Here's my only question: Where was his wife during all of this? What does she think about Mr. West and others who claim that the best way to overcome impurity is for her husband to constantly stare at another woman at Mass? Mr. West nowhere expresses sorrow for this incident. Rather, it was incredibly revealing for him he says. Fr. Thomas Loya gives similar instruction when he tells someone who struggles with impurity:
Alright Look at her!! That's right, look at her! Look at her butt, her breasts, but don't stop there. Look at every aspect of her magnificent femininity! Take her in completely and say "How many are your works O Lord, in wisdom you have made them all!" (Psalm 103)I speak only as a brother who has a sister. If someone told a man in an audience to learn who my sister is as a woman by staring at her butt and breasts, we would be having some problems! If I were in that audience, I honestly would probably say something along the lines of "be glad you are a priest."
Is my repulsion evidence of some nascent prudery or disgust with the human body? To answer this and the story above about Mr. West, I bring forth St. Frances De Sales. In writing on marriage, St. Frances says the following in his masterpiece Introduction to the Devout Life:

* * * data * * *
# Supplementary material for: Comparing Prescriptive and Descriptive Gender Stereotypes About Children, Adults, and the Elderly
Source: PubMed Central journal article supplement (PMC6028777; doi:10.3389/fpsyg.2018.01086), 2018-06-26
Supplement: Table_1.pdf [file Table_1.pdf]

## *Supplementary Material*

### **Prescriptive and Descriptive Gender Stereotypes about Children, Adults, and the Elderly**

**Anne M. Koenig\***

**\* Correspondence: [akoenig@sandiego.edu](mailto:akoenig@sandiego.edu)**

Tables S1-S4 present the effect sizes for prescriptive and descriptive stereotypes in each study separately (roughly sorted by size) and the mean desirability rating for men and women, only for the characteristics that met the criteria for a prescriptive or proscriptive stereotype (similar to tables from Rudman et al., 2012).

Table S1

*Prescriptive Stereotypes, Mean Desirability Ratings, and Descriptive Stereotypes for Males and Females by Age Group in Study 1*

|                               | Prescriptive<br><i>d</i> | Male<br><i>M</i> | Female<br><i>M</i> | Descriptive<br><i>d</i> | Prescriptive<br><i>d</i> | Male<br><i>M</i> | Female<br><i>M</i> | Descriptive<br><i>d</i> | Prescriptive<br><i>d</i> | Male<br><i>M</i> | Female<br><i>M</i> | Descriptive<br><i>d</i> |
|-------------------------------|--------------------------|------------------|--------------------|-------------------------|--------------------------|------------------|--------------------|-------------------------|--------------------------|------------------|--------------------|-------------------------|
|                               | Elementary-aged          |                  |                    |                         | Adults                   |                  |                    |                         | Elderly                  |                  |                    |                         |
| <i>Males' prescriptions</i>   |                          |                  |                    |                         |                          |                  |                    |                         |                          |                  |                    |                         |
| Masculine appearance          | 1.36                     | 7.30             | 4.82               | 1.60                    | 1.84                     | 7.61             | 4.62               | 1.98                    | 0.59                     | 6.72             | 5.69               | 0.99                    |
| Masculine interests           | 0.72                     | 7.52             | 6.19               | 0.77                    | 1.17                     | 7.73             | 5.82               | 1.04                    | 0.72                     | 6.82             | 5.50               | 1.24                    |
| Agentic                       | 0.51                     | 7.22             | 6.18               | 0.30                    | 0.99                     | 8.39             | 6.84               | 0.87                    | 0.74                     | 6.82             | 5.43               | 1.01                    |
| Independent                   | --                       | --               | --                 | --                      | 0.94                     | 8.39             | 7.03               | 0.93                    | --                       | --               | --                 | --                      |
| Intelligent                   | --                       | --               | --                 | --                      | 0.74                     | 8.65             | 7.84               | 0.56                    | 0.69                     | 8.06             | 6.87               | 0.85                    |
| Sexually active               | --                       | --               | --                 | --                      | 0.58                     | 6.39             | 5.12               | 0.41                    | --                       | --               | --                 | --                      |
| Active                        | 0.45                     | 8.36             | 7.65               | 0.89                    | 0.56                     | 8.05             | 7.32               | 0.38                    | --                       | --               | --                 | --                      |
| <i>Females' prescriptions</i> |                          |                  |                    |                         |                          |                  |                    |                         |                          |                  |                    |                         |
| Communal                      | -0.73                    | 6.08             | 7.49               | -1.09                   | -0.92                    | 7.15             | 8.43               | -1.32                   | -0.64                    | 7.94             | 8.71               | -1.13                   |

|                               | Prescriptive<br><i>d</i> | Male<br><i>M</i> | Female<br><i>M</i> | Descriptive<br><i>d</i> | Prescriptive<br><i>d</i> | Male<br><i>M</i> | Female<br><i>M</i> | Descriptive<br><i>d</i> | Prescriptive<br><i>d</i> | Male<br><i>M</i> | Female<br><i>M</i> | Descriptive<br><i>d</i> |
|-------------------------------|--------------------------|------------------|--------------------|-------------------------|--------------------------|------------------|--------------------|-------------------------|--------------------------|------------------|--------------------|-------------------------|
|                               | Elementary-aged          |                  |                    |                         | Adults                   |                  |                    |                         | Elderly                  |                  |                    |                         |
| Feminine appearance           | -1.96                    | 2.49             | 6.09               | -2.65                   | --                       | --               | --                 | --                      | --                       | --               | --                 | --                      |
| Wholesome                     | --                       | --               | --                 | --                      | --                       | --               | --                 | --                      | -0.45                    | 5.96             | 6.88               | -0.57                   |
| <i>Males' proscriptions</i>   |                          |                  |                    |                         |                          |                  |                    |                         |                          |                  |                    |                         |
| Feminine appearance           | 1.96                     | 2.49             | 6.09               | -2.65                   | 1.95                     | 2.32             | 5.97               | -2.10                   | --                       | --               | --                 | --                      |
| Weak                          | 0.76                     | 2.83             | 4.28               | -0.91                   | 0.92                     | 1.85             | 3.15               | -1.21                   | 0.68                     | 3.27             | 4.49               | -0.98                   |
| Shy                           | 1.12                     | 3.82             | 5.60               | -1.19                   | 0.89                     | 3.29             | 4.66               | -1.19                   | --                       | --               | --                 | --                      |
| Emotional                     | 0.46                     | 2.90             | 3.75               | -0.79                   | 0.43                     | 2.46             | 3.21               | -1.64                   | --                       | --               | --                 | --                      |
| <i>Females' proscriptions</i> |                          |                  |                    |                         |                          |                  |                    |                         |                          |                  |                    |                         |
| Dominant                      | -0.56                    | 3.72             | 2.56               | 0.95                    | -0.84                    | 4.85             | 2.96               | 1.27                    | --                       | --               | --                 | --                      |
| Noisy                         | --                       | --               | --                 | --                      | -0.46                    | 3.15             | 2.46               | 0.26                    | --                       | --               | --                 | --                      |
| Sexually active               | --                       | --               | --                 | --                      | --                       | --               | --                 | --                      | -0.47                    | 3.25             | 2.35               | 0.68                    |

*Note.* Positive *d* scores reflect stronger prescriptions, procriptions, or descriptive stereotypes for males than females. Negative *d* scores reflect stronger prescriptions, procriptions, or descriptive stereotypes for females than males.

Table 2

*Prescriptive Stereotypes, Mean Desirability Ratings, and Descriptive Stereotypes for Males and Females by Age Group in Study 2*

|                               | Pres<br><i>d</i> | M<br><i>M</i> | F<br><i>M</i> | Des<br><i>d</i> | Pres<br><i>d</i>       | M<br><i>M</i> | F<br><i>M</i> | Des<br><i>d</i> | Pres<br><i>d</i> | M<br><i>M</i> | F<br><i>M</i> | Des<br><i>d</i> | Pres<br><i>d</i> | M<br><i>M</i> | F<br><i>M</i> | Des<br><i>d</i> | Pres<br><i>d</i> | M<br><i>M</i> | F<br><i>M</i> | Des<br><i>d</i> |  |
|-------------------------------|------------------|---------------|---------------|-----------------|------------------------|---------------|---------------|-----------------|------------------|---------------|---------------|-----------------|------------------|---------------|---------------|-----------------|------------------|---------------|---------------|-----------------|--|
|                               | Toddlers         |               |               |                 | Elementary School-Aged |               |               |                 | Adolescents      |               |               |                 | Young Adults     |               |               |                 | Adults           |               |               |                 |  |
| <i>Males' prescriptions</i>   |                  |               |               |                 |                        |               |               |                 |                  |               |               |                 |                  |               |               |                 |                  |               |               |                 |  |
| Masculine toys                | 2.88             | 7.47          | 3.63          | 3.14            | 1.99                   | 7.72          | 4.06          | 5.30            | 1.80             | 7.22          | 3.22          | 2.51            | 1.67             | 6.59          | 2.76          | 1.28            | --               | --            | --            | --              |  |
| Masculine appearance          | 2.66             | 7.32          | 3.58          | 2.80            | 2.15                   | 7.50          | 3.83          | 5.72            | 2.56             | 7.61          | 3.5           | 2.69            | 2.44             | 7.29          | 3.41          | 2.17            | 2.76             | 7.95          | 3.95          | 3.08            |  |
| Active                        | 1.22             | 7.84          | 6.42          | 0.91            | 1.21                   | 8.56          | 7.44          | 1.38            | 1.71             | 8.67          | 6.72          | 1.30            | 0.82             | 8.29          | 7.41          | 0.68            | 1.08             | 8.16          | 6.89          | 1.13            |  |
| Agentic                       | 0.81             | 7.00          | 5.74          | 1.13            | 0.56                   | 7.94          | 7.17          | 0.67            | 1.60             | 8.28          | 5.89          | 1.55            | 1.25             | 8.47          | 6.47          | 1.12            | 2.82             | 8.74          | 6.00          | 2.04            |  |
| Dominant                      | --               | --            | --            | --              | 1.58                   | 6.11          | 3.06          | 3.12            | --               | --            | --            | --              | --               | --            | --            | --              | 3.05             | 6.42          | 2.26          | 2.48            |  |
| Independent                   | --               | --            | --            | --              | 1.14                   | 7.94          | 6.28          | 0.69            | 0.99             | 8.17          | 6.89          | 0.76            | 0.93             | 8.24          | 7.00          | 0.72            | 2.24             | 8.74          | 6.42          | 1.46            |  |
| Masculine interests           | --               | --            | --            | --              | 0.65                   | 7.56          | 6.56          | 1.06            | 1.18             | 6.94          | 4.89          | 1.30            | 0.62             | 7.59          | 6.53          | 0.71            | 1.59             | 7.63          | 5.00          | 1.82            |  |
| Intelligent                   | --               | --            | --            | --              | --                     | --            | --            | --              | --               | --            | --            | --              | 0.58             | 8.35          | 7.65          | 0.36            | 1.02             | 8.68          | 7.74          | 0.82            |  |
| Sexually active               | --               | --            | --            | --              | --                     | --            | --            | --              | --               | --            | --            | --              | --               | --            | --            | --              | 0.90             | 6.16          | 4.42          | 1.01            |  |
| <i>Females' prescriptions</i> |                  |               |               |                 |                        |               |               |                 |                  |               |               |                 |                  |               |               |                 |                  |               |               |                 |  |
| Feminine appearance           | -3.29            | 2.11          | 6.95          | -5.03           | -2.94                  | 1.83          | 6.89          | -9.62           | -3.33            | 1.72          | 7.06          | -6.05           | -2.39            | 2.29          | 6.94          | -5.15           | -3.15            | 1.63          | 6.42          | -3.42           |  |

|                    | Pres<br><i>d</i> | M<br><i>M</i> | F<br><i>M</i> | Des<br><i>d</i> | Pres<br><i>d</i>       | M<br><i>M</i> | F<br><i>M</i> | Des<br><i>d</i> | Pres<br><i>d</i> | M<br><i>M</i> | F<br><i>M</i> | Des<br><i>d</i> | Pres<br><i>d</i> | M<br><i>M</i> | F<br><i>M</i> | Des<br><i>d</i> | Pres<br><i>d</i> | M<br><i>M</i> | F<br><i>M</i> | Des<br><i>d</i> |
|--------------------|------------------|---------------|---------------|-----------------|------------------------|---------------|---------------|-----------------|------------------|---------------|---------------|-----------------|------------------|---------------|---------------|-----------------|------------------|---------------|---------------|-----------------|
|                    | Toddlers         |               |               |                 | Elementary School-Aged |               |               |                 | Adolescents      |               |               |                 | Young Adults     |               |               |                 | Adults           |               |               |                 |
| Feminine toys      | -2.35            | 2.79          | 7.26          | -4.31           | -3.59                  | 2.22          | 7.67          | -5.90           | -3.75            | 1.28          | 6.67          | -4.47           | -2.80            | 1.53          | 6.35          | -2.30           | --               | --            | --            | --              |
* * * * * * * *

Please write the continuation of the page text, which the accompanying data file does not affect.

The first effect of this love is the indissoluble union of your hearts. If you glue together two pieces of deal, provided that the glue be strong, their union will be so close that the stick will break more easily in any other part than where it is joined. Now God unites husband and wife so closely in Himself, that it should be easier to sunder soul from body than husband from wife; nor is this union to be considered as mainly of the body, but yet more a union of the heart, its affections and love.So I ask again: Where was his wife? Was Mr. West honoring the wise counsel of this great spiritual master? What does Fr. Loya say to the married man who took his advice? In light of this wise teaching, would it be okay to do this simply if the girl were single, since before the foundation of the world, a man was made for her if her vocation is marriage? It should be a blatantly obvious truism that a man looks upon his wife differently than other women. Of what purpose and benefit is another woman to him? God did not make that woman for him and his sanctification, only his wife. What compelling reason is there to reject the sound principles of St. Frances here?